I need you to pretend a few things.

That you don’t know what a cart is. Or a horse.
That you are a logical machine.
That you are told a cart is something laden with merchandise, that the horse is what moves the cart and that the purpose of the whole endeavor is to transport the merchandise from A to B.
Then you will be asked to stack the three elements according to their importance.

How likely are you to arrange them in this order:
Merchandise, cart, horse?

It would be perfectly logical, right?

Remember that you don’t know anything else but what you’ve just been instructed.
That the ‘action’ is ‘transport merchandise M, laden in cart C – moved by the horse H, from A to B’.

Mere logic convinces you that the most important thing here is M. Simply because the whole brouhaha revolves around M. Followed by C – closest to M, and only then by H. Right?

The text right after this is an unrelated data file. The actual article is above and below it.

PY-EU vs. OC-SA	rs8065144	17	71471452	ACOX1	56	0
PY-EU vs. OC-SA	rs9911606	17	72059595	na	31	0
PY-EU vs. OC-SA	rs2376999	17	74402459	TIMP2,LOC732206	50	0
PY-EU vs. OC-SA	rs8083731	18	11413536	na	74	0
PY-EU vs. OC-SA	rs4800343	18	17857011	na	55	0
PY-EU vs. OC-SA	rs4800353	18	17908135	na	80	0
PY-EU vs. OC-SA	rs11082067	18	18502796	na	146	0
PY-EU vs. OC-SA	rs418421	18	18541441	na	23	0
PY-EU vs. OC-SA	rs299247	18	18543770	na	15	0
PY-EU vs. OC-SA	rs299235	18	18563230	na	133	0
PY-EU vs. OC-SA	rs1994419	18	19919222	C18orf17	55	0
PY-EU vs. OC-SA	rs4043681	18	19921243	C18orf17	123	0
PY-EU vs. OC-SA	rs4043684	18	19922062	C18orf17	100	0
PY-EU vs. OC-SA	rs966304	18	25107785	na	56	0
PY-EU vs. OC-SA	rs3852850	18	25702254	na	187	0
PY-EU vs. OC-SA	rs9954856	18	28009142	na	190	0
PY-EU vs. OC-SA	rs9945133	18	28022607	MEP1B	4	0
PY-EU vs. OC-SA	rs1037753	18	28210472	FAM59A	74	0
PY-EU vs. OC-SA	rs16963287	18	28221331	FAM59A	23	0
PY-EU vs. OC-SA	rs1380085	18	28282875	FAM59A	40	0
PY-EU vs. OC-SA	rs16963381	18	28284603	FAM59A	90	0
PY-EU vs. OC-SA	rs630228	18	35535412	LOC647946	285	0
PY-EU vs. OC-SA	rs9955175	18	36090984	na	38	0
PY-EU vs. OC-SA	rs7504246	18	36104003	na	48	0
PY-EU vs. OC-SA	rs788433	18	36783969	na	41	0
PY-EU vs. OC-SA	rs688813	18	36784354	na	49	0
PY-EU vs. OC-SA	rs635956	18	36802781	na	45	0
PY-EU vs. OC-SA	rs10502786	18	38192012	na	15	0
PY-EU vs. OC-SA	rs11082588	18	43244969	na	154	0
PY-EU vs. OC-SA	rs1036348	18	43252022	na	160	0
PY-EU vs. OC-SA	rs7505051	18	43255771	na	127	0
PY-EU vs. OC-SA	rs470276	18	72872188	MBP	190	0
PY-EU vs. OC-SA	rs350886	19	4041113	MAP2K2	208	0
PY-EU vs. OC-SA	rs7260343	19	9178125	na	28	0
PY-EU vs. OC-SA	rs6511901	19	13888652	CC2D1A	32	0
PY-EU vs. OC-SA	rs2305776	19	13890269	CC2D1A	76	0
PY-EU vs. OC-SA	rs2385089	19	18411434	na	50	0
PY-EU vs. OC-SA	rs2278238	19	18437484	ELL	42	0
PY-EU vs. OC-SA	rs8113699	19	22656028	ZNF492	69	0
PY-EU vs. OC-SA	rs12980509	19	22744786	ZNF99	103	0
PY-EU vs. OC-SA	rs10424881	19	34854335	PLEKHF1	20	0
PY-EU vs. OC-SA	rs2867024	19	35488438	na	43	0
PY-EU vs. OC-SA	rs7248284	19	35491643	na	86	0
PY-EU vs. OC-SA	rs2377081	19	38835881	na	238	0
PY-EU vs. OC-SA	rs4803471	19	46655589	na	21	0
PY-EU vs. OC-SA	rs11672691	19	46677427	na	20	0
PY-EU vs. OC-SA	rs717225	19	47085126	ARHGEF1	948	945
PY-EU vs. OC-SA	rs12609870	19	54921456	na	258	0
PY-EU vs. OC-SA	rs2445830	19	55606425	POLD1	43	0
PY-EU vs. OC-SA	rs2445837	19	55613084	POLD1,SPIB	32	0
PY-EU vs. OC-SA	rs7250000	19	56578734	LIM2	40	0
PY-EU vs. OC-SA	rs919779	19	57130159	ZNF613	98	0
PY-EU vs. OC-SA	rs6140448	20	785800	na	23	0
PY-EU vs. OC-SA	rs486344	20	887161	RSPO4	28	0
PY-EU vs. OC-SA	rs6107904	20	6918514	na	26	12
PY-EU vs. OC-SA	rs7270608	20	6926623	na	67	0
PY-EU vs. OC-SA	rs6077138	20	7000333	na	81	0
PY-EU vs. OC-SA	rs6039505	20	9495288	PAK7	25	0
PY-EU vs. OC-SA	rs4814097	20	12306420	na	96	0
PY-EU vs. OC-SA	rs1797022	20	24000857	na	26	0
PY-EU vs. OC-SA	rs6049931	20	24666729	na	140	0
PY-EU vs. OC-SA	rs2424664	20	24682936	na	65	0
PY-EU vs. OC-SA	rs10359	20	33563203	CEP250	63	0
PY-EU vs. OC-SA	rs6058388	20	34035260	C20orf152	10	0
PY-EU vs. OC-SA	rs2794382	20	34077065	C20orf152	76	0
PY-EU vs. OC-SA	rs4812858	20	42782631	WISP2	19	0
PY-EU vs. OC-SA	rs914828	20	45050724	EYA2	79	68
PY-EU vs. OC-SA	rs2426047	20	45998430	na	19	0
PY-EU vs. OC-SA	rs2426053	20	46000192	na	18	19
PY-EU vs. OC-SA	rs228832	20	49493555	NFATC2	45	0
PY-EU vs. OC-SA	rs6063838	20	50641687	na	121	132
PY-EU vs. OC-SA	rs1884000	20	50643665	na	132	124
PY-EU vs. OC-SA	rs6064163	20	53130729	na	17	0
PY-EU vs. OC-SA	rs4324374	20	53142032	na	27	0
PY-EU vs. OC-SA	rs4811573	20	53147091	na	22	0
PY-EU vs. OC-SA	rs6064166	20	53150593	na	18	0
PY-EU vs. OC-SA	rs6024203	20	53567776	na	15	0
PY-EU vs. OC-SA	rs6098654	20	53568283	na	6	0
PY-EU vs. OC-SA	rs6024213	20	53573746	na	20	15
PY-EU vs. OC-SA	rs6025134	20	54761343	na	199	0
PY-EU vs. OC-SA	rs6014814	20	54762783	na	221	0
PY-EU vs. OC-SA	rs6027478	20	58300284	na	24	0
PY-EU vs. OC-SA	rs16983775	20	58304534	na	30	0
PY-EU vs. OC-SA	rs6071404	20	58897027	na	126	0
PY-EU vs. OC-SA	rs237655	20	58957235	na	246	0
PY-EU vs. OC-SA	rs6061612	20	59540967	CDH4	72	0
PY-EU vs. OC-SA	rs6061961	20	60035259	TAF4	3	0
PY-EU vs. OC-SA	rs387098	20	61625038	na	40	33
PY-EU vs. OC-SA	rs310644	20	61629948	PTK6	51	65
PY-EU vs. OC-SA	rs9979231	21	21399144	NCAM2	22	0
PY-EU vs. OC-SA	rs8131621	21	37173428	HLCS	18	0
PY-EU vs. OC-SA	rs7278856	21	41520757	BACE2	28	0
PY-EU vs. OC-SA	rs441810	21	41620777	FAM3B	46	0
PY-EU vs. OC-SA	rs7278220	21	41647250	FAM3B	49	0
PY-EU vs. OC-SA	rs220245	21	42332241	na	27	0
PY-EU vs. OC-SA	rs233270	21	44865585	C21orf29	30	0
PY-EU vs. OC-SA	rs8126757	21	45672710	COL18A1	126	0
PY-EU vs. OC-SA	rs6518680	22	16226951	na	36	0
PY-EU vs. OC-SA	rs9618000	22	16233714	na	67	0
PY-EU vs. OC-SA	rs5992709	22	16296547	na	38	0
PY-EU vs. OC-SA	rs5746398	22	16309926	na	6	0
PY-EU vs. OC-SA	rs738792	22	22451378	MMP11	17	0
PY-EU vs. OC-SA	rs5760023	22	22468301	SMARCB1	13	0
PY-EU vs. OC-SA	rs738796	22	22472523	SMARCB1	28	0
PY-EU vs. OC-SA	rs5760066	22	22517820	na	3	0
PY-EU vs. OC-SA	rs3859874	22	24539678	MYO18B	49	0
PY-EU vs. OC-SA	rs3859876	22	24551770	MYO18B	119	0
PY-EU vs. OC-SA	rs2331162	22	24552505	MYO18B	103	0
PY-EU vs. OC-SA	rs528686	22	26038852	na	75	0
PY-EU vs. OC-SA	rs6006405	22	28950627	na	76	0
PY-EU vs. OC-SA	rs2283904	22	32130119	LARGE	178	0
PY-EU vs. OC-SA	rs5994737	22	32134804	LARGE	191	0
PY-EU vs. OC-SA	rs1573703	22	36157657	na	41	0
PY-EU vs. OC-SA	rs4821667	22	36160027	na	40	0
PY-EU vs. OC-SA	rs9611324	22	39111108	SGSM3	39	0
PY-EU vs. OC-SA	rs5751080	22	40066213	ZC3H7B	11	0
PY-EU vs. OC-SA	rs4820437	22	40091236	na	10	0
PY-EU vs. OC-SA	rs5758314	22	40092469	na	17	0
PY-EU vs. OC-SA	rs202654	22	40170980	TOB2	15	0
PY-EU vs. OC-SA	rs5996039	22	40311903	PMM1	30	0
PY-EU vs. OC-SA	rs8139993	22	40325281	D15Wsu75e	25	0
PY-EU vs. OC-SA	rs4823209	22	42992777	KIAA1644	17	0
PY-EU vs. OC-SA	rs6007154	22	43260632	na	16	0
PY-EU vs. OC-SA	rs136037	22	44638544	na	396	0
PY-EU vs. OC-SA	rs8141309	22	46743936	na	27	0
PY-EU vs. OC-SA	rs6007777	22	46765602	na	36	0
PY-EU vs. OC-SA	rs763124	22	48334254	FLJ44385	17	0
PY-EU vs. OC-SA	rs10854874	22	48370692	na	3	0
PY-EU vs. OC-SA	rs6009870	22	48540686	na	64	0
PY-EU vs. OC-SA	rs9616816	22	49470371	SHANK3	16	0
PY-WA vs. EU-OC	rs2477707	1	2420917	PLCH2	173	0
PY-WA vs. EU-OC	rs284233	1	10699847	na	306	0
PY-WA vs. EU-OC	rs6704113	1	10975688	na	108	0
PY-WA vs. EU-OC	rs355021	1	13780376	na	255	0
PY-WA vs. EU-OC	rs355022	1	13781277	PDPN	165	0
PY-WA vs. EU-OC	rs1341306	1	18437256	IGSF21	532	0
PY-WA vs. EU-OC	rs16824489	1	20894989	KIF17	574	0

Only mere logic is seldom enough… Each of those three has its own merits and their relative importance depends on many things.

On what the owner thinks about each of them. If all three belong to the same person.
On the relationship between the person asked to determine their relative importance and each of those elements.
The owner of the merchandise will certainly consider his property to be more important than either horse or carriage. But will consider the horse more important than the cart if the merchandise has to arrive sooner rather than whenever. Or the carriage more important than the horse if the merchandise is fragile…
The owner of a single horse will try to protect the animal. Simply because he will also need it tomorrow.
The owner of the trucking company will ask the drivers to drive the horses to their limits. Simply because he has so many of them.
And so on.

My point being that logic is almost never enough.
We must also understand what’s going on there before passing judgement on something.

Otherwise we’ll end up scratching our heads.

Click the drawing above and read what tborash has to say about the whole thing. He’s right too, you know.